Pinnguaq receives $1.7 million to spread te(a)ch

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Pinnguaq Association founder Ryan Oliver sat on the best news possible for two months before he could spread the joy: the federal government is providing $1.7 million in funding for the non-profit to develop 100 coding lessons and provide them to 15 Nunavut communities.

“They told us mid-November and said you have to never tell anyone until Minister Bains is allowed to because he really wants to announce this one,” said Oliver. “That’s cool. We’ve kind of been gearing up since November.”

Brandon Bunnie of Pinnguaq, left, works with a te(a)ch student in Baker Lake in 2017.
photo courtesy Pinnguaq

Minister of Innovation, Science and Economic Development Navdeep Bains made the announcement Jan. 22.

“Becoming the most innovative country begins with investing in Canadian talent,” stated Bains in a news release.

“Our government is committed to equipping Canadian youth with the digital skills they need for the jobs of the future. By teaching kids to code today, we’re positioning Canada for future success across all industries and sectors because these kids will facilitate digital adoption, making all Canadian industries more profitable and globally competitive.”

The CanCode fund will invest $50 million over two years across Canada.

Oliver said the association has been able to fill staff positions in advance to ensure it delivers on its commitments.

“We have 15 months, roughly, to implement this massive program,” he said.

This new funding means serious growth for te(a)ch, for which Pinnguaq previously received $400,000 from the Arctic Inspiration Prize.

Each lesson will be two to five hours in length.

“At the end of it, something has been created, whether it’s a game or an app, or something like that. At the end of this whole thing you have 100 projects done, basically. Each one is based on a different concept, whether it’s engineering, math, or pure coding,” said Oliver.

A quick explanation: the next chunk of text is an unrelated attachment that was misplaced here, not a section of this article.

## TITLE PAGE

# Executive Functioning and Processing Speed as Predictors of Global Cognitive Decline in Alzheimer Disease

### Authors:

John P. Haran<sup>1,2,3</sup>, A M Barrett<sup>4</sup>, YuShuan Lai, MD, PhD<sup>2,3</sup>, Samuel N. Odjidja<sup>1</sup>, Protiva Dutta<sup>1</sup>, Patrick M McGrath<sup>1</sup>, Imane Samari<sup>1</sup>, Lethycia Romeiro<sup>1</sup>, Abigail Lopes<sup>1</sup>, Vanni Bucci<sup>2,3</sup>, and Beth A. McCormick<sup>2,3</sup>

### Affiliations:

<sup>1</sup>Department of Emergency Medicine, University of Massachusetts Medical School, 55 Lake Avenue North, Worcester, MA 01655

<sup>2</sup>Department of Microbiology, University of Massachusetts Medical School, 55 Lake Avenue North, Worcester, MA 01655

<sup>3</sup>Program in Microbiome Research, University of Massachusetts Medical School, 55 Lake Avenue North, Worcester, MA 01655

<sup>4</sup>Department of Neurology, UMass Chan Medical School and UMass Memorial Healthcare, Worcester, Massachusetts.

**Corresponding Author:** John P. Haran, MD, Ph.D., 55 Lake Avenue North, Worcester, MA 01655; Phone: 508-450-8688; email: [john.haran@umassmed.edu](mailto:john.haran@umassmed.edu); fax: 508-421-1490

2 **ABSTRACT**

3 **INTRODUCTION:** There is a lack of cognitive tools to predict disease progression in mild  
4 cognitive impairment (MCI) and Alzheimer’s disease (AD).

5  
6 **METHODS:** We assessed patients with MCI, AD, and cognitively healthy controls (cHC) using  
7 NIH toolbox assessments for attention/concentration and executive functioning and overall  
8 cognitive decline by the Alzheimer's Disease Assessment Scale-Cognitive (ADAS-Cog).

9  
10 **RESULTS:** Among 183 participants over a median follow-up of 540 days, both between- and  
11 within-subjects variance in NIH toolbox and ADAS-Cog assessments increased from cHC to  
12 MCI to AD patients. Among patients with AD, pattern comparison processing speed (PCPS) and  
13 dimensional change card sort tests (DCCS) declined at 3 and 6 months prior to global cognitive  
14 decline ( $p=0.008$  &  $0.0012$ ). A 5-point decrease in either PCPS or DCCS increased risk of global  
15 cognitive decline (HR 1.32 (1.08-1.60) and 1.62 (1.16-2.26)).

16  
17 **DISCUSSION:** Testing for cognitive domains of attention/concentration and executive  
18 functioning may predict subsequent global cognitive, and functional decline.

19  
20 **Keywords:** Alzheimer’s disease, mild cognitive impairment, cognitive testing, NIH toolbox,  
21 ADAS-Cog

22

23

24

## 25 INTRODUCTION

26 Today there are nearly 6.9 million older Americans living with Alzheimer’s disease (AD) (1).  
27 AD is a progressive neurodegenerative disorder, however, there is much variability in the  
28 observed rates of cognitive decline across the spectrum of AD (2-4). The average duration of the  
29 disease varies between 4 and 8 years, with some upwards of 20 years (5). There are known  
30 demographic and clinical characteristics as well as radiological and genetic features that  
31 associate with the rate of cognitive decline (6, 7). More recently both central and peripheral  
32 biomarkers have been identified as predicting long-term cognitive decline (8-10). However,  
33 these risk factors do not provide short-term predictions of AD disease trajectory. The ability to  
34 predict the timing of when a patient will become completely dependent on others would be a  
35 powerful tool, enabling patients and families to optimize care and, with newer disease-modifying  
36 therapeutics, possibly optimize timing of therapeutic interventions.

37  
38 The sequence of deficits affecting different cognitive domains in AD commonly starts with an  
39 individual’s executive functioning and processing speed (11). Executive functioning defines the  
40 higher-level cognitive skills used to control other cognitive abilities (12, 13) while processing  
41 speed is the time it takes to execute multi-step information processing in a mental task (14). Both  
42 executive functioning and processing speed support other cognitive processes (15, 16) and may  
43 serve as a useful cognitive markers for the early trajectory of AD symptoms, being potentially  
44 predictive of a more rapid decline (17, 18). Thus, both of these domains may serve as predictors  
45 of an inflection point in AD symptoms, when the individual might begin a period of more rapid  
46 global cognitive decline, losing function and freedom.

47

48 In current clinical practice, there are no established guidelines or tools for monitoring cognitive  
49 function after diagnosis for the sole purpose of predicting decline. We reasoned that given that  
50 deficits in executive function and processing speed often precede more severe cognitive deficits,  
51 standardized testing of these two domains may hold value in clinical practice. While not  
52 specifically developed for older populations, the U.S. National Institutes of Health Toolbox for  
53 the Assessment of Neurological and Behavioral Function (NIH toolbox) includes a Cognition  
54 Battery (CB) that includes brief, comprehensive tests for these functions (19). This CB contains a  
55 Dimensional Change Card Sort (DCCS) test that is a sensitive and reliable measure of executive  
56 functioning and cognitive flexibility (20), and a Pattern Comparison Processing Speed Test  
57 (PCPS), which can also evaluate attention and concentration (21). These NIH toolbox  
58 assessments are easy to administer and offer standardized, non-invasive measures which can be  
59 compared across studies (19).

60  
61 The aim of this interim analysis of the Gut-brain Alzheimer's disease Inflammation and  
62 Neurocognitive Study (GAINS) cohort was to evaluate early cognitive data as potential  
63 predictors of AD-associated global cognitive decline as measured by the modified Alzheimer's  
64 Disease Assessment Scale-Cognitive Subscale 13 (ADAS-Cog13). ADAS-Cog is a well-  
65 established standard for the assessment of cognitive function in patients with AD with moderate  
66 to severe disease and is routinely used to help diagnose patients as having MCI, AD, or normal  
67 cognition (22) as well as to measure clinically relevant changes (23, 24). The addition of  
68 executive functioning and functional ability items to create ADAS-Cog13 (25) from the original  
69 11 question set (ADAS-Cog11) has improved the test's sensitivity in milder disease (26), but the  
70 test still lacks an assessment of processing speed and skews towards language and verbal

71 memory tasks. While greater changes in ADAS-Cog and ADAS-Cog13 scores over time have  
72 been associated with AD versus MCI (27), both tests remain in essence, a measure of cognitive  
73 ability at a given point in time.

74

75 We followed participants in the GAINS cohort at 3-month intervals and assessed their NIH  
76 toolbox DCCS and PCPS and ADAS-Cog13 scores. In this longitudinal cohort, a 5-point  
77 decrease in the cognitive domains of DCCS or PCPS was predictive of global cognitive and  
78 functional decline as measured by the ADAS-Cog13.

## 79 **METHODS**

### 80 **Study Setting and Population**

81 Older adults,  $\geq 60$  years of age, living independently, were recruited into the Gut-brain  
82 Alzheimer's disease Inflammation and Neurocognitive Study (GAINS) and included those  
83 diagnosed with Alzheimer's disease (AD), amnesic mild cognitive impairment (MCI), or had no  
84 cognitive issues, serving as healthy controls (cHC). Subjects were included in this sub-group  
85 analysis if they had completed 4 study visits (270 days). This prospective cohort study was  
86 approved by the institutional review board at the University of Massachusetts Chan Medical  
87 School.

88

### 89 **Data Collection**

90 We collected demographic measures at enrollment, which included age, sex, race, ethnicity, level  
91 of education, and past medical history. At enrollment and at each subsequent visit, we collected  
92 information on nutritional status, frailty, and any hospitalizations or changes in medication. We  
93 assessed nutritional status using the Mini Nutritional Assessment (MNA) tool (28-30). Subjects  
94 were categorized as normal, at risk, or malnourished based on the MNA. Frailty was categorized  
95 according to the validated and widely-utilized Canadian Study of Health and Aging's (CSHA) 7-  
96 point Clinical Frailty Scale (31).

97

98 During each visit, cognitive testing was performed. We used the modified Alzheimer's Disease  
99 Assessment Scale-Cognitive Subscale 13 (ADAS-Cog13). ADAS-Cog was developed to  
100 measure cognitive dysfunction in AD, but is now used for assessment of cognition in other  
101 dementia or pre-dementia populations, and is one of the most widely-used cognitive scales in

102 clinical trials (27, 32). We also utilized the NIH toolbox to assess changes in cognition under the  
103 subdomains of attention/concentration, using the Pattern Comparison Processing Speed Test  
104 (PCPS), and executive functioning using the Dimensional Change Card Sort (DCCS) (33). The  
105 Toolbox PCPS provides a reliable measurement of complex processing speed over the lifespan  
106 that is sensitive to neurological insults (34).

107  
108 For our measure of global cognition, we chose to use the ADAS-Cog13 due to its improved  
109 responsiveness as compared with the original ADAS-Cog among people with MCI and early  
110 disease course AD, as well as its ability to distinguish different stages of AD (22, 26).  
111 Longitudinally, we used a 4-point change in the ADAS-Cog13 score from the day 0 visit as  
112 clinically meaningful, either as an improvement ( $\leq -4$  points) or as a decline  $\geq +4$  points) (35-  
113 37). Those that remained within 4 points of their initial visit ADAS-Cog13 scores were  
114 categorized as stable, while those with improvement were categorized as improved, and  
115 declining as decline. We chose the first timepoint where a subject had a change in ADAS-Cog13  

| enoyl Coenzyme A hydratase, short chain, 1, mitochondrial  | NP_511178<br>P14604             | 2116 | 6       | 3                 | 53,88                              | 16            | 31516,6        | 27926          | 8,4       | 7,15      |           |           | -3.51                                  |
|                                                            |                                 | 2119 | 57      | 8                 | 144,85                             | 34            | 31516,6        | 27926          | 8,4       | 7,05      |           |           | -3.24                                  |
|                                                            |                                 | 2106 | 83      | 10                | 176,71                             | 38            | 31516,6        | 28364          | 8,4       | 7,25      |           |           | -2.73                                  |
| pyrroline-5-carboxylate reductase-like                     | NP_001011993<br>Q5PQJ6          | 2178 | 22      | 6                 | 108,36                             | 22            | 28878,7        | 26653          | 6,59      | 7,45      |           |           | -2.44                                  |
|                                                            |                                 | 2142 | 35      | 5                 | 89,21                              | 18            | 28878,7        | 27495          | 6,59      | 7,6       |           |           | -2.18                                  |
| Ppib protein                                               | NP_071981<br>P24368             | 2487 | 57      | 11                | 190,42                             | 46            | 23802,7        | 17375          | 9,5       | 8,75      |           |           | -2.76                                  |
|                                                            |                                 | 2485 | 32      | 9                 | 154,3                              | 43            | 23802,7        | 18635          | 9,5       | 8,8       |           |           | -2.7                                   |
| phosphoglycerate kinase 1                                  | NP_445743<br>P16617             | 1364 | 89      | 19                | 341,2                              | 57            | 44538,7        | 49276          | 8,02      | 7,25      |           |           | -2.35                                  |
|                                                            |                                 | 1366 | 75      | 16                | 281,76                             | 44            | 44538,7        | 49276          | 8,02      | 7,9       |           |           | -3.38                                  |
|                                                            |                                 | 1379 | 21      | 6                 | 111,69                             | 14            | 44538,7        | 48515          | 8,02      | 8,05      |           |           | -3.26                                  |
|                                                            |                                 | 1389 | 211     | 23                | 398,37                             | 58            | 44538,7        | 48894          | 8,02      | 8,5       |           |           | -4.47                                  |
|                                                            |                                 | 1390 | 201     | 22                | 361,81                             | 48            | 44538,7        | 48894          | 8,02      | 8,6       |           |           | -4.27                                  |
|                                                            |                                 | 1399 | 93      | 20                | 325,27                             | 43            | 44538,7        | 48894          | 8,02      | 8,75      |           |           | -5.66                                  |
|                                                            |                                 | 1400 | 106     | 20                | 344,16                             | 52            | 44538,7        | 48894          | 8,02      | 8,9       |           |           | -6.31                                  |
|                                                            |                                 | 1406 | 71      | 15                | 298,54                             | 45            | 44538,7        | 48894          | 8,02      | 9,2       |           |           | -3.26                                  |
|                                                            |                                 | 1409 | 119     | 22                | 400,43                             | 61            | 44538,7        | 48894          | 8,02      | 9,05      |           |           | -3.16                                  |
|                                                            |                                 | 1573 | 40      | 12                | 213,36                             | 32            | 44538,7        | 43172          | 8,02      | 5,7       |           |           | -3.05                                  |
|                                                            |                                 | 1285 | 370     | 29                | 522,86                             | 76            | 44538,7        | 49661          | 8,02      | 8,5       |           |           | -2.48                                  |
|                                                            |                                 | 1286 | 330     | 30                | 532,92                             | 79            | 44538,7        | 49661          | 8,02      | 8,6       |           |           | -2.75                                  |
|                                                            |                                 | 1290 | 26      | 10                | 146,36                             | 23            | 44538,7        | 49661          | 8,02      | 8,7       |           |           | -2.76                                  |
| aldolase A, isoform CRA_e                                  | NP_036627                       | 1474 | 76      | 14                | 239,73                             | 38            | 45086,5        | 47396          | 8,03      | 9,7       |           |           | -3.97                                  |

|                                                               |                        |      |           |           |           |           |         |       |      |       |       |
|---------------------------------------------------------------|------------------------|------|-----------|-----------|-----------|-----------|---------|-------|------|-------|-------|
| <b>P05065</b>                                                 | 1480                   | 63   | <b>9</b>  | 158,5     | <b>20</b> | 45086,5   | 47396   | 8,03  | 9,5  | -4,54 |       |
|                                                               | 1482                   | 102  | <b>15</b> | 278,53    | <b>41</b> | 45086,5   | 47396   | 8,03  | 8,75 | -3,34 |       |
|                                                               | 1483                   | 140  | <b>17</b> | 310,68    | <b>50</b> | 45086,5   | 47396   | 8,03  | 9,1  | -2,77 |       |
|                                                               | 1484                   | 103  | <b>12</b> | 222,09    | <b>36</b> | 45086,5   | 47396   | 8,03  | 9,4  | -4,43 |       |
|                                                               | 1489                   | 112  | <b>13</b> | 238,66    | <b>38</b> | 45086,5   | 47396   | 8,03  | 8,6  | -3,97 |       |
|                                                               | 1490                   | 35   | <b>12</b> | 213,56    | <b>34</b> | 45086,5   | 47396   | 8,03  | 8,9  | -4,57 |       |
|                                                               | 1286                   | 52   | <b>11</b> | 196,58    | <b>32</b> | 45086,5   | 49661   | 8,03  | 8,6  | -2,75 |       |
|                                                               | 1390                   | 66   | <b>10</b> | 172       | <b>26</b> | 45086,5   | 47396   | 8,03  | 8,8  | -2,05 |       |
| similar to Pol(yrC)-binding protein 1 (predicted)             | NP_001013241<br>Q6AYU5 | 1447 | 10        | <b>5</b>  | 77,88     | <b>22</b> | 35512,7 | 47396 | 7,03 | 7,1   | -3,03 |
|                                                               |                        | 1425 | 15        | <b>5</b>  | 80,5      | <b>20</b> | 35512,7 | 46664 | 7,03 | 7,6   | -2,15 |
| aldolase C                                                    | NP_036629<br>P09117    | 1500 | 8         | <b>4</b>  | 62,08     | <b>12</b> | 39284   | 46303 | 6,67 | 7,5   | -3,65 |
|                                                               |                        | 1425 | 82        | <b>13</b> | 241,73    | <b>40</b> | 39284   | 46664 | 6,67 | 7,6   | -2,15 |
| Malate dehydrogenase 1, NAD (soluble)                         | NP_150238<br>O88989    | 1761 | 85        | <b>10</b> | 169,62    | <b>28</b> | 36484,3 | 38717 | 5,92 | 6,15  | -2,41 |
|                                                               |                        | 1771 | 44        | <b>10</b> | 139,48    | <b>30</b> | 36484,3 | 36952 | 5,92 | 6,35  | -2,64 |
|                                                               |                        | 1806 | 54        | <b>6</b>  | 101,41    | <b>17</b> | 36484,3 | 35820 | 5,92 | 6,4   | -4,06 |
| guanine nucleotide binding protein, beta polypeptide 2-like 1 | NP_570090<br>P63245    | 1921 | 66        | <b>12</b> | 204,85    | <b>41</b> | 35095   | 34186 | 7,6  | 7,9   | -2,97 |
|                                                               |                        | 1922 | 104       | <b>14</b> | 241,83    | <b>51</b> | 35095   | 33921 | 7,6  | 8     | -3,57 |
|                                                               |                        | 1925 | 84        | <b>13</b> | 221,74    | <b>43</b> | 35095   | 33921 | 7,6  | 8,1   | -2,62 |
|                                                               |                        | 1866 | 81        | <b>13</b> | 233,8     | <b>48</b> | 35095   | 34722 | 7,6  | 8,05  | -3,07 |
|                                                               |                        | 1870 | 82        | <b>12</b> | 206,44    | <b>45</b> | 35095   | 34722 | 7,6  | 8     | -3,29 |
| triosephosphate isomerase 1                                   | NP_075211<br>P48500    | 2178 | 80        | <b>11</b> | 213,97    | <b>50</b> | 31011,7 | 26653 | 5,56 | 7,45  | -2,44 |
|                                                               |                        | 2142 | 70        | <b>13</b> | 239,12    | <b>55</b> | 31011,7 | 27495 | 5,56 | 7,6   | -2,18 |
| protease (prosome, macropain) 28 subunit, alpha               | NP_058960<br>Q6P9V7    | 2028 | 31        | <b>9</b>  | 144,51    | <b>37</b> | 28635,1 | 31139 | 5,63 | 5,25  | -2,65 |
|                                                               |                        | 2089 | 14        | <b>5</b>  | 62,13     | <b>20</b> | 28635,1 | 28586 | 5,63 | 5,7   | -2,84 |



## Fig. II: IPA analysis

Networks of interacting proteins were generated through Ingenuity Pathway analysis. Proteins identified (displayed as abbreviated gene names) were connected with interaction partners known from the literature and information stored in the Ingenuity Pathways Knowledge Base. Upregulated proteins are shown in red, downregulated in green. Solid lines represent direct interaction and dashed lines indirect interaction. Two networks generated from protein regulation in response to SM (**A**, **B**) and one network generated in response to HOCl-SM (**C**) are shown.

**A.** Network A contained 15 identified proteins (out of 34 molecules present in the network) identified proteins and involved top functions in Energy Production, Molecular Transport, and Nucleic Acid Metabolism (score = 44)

“If we get that in place, it’s on-line, it’s off-line, it’s in every community. Someone could do it by themselves and walk themselves through the program. Or they could start a club, which has happened before in Pang and in Arviat.”

Oliver said Pinnguaq didn’t have enough lessons for those clubs to keep going. This new funding helps with that.

“That’s the sustainability side,” he adds.

Along with developing the coding lessons, the Pinnguaq team will train teachers between the ages of 16 to 20 years old for two days in each of the 15 Nunavut communities, which have yet to be determined, as well as seven northern Ontario First Nations under the umbrella of the Mushkegowuk Council.

“And in the last three days we’ll mentor them in actually implementing it. The idea being that once we’re gone, these kids that we’ve trained can keep it going,” said Oliver.

The curriculum will be in Inuktitut, and the majority of the time the language of instruction will be Inuktitut, though coding language is built around English.

Staff has recently increased from four staff to 13, with five positions left to fill.

Chelsea Singoorie, who is trilingual in Inuktitut, English and French, is Pinnguaq’s new Nunavut coordinator. She will lead the implementation of Pinnguaq’s new project to take te(a)ch to 16 communities in the territory. 
photo courtesy Pinnguaq

Chelsea Singoorie, who is trilingual in Inuktitut, English, and French, has taken on the job of Nunavut coordinator and shares time between Iqaluit and Vancouver.

“She’s going to lead the Nunavut implementation,” said Oliver.

Pinnguaq is currently searching for a curriculum developer to be located in Iqaluit or Lindsay, Ont.

“The remaining position will be mostly teaching positions, ideally in Nunavut,” said Oliver, adding it’s tough in Nunavut because Pinnguaq has to compete against Government of Nunavut wages.

“Which, for the life of us, we could never match.”

The new project will kick off in Pangnirtung Feb. 12.

Pinnguaq works in partnership with Qaujigiartiit Health Research Centre, Embrace Life Council, Canadian North, SSi Micro, and Computers for Success Nunavut and Computers for Success Canada.

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Michele LeTourneau first arrived at NNSL's headquarters in Yellowknife in1998, with a BA honours in Theatre. For four years she documented the arts across the Northwest Territories and Nunavut. Following a very short stint as a communications officer with the Government of the Northwest Territories, Michele spent a decade at a community-based environmental monitoring board in the mining industry, where she worked with Inuit, Chipewyan, Tlicho, Yellowknives Dene and Metis elders to help develop traditional knowledge and Inuit Qaujimajatuqangit contributions for monitoring and management plans. She rejoined NNSL and moved to Iqaluit in May 2014 to write for Nunavut News. Michele has received a dozen awards for her work with NNSL.

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